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Coal-tar-sealant runoff causes toxicity and DNA damage

Date:
May 1, 2015
Source:
USGS
Summary:
Runoff from pavement with coal-tar-based sealant is toxic to aquatic life, damages DNA, and impairs DNA repair, according to new research. Rainwater runoff collected as long as three months after coal-tar-sealcoat application caused 100% mortality to minnows and water fleas, which are part of the base of the food chain.
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Applying driveway sealer.
Credit: © geewhiz / Fotolia

Runoff from pavement with coal-tar-based sealant is toxic to aquatic life, damages DNA, and impairs DNA repair, according to two studies by the U.S. Geological Survey published in the journals Environmental Science and Technology and Science of the Total Environment.

Pavement sealant is a black liquid sprayed or painted on the asphalt pavement of parking lots, driveways and playgrounds to improve appearance and protect the underlying asphalt. Pavement sealants that contain coal tar have extremely high levels of polycyclic aromatic hydrocarbons (PAHs). Coal tar is a known human carcinogen; several PAHs are probable human carcinogens and some are toxic to fish and other aquatic life.

Rainwater runoff collected as long as three months after coal-tar-sealcoat application caused 100% mortality to minnows and water fleas, which are part of the base of the food chain, when the test organisms were exposed to ultra-violet radiation to simulate sunlight. The full study, reported in the scientific journal Environmental Science and Technology.

Exposure of fish cells to coal-tar sealant runoff damaged their DNA and impaired the ability of the cells to repair DNA damage. "The simultaneous occurrence of DNA damage and impairment of DNA repair has important implications for cell health," said Sylvie Bony, who led the study at the Ecole Nationale des Travaux Publics de l'Etat (ENTPE), a French research agency in Lyon, France. The study is reported in the scientific journal Science of the Total Environment.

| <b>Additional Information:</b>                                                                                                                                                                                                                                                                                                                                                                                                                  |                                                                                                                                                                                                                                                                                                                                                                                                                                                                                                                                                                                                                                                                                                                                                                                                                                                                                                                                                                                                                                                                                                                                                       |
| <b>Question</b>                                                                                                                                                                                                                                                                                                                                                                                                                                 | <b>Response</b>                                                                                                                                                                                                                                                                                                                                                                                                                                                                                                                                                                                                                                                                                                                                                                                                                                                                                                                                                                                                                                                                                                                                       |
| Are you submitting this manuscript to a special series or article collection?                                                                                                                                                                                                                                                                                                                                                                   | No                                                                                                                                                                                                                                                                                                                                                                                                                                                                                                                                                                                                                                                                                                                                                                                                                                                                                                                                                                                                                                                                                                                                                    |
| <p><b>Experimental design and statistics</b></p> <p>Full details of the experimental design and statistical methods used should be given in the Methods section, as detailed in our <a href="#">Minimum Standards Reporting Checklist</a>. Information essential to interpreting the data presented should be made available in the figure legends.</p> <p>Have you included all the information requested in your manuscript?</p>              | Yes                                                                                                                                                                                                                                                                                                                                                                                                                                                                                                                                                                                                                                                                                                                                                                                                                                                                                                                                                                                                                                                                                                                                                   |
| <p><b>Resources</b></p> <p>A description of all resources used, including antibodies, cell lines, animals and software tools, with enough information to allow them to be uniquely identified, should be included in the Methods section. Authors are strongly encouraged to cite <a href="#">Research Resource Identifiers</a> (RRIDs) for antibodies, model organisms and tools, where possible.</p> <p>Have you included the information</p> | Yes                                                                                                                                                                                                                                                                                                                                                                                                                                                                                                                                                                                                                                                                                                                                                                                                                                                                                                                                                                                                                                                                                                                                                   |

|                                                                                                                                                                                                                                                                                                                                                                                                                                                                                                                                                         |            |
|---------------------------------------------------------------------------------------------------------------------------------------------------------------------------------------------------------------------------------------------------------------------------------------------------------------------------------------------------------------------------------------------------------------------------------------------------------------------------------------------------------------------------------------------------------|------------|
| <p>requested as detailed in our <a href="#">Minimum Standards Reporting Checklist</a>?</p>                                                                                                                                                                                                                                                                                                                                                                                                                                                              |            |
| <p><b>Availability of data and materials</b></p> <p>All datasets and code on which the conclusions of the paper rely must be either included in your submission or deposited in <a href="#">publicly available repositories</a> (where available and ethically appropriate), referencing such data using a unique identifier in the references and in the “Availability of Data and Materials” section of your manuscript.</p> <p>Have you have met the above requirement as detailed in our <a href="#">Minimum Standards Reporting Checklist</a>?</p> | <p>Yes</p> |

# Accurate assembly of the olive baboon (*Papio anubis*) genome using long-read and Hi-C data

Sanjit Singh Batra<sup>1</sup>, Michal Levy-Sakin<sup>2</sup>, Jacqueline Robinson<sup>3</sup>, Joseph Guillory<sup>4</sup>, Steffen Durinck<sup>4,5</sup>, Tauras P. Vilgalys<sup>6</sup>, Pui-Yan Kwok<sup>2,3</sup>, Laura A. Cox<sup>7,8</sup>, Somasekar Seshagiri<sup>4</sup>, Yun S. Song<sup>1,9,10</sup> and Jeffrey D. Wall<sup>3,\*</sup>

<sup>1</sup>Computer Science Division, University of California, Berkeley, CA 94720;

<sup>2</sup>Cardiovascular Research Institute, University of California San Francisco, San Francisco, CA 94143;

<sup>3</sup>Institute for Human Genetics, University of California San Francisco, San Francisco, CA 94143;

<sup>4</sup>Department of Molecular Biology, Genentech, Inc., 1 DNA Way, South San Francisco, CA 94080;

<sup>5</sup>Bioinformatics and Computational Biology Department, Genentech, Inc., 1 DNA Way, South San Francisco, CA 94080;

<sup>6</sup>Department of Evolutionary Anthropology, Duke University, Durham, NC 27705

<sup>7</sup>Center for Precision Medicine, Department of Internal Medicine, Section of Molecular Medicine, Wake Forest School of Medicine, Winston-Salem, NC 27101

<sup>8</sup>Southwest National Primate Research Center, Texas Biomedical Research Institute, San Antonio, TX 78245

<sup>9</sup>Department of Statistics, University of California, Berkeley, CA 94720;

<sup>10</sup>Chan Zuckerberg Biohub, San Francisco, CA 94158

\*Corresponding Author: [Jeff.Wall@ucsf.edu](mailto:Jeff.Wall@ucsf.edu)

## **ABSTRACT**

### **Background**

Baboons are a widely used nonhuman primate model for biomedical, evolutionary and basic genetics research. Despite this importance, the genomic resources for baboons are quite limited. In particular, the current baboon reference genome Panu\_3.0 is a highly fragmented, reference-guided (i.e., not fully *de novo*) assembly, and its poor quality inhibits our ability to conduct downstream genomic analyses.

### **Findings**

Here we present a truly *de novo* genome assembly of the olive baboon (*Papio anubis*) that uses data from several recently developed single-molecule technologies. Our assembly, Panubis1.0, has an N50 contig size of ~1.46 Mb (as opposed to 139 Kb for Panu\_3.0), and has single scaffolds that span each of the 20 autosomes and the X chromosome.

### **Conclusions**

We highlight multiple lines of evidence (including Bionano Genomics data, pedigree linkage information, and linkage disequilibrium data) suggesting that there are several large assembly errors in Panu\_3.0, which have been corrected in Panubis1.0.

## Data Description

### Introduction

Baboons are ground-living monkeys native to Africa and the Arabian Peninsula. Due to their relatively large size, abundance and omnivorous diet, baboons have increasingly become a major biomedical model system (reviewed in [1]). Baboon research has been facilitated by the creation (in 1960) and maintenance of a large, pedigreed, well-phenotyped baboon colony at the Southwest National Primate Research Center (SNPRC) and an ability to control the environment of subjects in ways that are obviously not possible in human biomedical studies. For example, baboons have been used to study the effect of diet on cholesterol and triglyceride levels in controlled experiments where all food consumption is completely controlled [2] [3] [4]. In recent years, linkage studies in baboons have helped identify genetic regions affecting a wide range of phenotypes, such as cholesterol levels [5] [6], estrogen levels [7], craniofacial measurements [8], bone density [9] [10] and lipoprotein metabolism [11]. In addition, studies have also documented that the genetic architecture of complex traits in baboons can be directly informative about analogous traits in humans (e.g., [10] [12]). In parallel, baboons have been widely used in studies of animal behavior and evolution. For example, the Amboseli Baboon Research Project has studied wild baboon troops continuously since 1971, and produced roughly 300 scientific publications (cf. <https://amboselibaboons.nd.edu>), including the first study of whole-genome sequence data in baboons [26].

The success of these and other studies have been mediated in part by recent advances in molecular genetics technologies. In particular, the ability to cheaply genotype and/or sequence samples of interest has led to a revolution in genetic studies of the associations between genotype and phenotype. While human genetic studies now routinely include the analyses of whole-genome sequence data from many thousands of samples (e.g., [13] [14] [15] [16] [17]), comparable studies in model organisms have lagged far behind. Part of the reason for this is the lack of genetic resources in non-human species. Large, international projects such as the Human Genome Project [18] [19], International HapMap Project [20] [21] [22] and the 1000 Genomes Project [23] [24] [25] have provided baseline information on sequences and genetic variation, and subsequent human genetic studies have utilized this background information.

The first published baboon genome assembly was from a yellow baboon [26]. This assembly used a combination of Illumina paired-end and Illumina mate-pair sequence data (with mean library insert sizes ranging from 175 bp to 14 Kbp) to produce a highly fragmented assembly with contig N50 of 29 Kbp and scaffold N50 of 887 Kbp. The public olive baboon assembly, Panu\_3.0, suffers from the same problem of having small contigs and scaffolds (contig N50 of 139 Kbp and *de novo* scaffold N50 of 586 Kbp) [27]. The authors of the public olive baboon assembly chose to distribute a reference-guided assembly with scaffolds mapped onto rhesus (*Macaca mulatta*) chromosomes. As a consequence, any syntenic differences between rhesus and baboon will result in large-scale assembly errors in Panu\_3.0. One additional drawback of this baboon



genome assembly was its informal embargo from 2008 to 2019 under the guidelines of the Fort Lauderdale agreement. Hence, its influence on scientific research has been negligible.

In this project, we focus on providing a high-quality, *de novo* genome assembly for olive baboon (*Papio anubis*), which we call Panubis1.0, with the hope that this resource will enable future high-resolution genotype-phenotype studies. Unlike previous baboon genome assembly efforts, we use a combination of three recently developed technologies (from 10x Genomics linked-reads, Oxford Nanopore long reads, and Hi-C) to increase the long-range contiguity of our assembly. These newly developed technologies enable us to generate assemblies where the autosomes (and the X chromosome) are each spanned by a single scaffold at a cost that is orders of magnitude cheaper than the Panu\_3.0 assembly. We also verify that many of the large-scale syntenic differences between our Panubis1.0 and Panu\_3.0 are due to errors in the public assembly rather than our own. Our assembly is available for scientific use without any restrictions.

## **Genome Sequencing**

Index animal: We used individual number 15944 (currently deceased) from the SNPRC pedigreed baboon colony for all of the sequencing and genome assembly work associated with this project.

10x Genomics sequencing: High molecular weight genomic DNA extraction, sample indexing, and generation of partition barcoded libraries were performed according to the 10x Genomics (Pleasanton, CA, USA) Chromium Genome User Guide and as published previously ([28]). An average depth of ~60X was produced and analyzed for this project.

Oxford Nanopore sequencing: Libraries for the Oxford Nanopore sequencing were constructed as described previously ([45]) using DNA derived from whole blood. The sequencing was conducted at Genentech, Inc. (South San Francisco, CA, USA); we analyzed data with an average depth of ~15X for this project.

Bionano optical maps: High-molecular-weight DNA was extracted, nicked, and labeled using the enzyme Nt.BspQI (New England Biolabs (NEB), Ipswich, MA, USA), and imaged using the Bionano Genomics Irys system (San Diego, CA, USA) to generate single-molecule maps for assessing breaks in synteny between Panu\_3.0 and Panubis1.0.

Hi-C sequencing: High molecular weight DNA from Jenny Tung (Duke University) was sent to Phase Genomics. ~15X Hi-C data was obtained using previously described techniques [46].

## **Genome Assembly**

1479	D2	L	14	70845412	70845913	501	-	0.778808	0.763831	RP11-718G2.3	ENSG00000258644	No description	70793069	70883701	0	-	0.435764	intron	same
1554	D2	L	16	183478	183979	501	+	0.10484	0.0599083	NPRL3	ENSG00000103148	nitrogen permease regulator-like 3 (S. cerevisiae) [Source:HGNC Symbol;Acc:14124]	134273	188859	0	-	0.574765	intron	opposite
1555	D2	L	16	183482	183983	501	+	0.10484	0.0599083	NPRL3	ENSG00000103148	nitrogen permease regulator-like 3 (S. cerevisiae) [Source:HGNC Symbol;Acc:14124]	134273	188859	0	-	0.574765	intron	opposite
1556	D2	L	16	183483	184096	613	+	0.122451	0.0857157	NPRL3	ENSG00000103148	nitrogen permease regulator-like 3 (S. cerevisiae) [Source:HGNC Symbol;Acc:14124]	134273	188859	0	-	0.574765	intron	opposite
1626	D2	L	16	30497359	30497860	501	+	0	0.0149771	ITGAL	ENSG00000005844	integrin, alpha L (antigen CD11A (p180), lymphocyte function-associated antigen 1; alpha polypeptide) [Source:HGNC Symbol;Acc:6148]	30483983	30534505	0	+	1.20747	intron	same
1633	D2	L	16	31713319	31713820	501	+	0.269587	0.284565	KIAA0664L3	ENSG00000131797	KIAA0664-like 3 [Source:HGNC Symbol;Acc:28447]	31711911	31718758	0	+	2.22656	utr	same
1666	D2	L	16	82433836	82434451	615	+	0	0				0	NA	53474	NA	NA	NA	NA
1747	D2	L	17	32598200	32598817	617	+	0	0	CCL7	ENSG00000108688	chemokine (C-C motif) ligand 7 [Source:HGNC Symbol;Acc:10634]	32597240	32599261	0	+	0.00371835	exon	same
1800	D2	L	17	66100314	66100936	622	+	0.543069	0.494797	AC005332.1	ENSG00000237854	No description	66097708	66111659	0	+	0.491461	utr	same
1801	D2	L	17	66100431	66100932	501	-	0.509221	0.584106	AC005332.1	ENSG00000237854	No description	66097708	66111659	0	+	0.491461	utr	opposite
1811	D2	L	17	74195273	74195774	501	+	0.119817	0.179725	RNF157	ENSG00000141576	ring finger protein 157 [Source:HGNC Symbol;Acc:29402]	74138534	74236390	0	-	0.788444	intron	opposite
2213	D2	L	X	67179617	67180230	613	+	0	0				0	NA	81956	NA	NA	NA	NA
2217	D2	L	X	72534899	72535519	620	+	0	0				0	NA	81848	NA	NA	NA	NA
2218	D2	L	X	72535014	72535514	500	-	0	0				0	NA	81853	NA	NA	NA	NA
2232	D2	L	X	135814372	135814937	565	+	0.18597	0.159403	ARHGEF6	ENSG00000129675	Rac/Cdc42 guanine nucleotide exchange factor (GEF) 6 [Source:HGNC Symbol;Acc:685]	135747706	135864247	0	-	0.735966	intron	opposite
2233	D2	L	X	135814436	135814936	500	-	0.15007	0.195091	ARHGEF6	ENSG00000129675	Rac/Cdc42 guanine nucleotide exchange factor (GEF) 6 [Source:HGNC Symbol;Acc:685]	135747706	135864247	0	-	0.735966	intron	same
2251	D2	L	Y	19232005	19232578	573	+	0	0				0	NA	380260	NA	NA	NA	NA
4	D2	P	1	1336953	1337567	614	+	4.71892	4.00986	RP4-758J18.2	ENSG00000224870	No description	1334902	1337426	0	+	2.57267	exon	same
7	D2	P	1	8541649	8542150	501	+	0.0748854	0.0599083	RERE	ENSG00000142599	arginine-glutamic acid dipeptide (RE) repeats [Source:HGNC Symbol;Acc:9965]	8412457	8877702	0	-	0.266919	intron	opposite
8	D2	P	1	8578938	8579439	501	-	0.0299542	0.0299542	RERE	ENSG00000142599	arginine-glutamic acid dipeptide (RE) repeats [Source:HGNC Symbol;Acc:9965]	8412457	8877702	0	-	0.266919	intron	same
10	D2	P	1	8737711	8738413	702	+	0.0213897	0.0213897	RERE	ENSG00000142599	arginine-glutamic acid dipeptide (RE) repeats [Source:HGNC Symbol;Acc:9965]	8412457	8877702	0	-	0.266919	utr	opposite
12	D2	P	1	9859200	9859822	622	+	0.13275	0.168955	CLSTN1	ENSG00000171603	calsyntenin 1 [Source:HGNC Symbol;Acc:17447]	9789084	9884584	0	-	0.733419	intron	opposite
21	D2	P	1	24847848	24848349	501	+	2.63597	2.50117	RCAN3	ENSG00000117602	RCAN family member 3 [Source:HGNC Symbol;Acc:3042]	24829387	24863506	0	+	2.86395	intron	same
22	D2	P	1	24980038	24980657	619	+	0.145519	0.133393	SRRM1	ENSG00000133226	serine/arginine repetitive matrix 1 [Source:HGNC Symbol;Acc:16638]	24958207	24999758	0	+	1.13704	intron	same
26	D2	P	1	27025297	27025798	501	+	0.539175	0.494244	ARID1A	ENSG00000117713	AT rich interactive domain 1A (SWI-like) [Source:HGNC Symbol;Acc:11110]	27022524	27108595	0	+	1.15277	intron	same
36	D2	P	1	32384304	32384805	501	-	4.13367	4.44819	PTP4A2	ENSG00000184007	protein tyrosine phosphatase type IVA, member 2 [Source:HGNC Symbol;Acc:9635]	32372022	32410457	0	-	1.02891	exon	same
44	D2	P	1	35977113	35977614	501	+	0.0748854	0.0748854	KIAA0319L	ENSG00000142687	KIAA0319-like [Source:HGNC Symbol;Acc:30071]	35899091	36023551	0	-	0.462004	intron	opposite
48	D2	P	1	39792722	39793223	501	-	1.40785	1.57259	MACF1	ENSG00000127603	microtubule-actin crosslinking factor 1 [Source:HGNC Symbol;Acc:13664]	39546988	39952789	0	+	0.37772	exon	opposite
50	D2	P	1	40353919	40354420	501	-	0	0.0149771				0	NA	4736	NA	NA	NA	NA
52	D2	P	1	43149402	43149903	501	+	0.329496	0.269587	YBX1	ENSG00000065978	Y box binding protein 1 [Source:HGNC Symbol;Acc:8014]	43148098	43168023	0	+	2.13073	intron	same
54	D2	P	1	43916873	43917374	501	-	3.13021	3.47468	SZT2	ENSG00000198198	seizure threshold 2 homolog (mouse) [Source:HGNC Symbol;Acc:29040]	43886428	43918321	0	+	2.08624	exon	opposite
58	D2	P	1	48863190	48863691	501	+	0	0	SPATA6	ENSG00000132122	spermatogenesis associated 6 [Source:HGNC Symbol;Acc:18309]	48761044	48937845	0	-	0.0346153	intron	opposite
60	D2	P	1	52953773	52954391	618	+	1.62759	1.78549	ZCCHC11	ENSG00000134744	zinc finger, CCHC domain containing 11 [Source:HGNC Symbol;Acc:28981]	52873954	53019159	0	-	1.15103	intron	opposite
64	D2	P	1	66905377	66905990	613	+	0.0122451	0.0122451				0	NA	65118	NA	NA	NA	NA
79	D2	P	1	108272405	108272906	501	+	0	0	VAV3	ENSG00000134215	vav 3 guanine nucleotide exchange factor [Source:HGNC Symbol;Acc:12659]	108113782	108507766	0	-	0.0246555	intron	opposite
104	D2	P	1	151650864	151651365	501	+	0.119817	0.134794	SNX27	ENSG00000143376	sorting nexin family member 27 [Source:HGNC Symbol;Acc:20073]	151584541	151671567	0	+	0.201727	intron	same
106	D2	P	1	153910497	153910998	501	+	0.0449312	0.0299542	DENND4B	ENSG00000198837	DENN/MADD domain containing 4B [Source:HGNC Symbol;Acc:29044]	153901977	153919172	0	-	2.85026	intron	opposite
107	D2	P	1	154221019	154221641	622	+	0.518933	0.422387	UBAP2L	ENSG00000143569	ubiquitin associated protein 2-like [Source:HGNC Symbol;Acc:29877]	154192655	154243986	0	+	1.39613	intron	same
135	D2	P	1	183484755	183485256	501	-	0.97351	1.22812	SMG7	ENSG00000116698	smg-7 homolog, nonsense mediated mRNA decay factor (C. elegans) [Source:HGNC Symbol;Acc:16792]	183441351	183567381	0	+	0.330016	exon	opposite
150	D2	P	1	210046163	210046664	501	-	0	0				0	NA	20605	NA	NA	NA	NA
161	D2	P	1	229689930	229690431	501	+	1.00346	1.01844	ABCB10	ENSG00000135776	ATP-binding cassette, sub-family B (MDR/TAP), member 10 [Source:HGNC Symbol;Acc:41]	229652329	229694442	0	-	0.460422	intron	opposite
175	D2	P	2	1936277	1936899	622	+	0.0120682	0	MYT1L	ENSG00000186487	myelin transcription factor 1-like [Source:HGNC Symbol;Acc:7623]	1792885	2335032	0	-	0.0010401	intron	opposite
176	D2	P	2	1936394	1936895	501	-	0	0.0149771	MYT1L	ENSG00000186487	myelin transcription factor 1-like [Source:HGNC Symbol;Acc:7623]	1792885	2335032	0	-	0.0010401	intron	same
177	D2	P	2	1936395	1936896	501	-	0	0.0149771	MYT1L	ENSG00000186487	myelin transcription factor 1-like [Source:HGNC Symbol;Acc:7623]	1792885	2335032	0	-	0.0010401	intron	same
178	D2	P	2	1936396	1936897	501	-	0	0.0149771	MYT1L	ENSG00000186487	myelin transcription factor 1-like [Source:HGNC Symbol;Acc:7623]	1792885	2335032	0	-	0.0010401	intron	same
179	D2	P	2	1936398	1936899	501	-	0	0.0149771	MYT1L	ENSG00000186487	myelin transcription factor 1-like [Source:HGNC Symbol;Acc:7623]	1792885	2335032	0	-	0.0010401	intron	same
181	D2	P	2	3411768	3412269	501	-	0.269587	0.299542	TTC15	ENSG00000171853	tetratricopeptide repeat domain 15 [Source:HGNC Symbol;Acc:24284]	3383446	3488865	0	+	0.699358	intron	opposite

The studies were done to address the concern that rainfall runoff occurring within hours or days of coal-tar-based sealant application might be toxic to fish and other organisms in streams. The two studies collected and tested simulated runoff at various times beginning just hours after coal-tar-sealant application.

"The USGS has been studying coal-tar-sealcoat as a source of PAHs for 10 years, and findings from these two studies are consistent with what is known about toxicity and genotoxicity of these chemicals," said USGS scientist Barbara Mahler.

A previous publication detailed the chemical concentrations in runoff from coal-tar-sealed pavement at a range of times following sealant application. The results, reported in the scientific journal Environmental Pollution, are available online.

Coal-tar sealants have significantly higher levels of PAHs and related compounds compared to asphalt-based pavement sealants and other urban sources, including vehicle emissions, used motor oil, and tire particles. Previous studies have concluded that coal-tar sealants are a major source of PAHs to lake sediments in commercial and residential settings, and that people living near pavement sealed with coal-tar sealant have an elevated risk of cancer.


Story Source:

Materials provided by USGS. Note: Content may be edited for style and length.


Journal Reference:

  1. Barbara J. Mahler, Christopher G. Ingersoll, Peter C. Van Metre, James L. Kunz, Edward E. Little. Acute Toxicity of Runoff from Sealcoated Pavement toCeriodaphnia dubiaandPimephales promelas. Environmental Science & Technology, 2015; 49 (8): 5060 DOI: 10.1021/acs.est.5b00933

Cite This Page:

USGS. "Coal-tar-sealant runoff causes toxicity and DNA damage." ScienceDaily. ScienceDaily, 1 May 2015. <www.sciencedaily.com/releases/2015/05/150501131733.htm>.
USGS. (2015, May 1). Coal-tar-sealant runoff causes toxicity and DNA damage. ScienceDaily. Retrieved April 28, 2017 from www.sciencedaily.com/releases/2015/05/150501131733.htm
USGS. "Coal-tar-sealant runoff causes toxicity and DNA damage." ScienceDaily. www.sciencedaily.com/releases/2015/05/150501131733.htm (accessed April 28, 2017).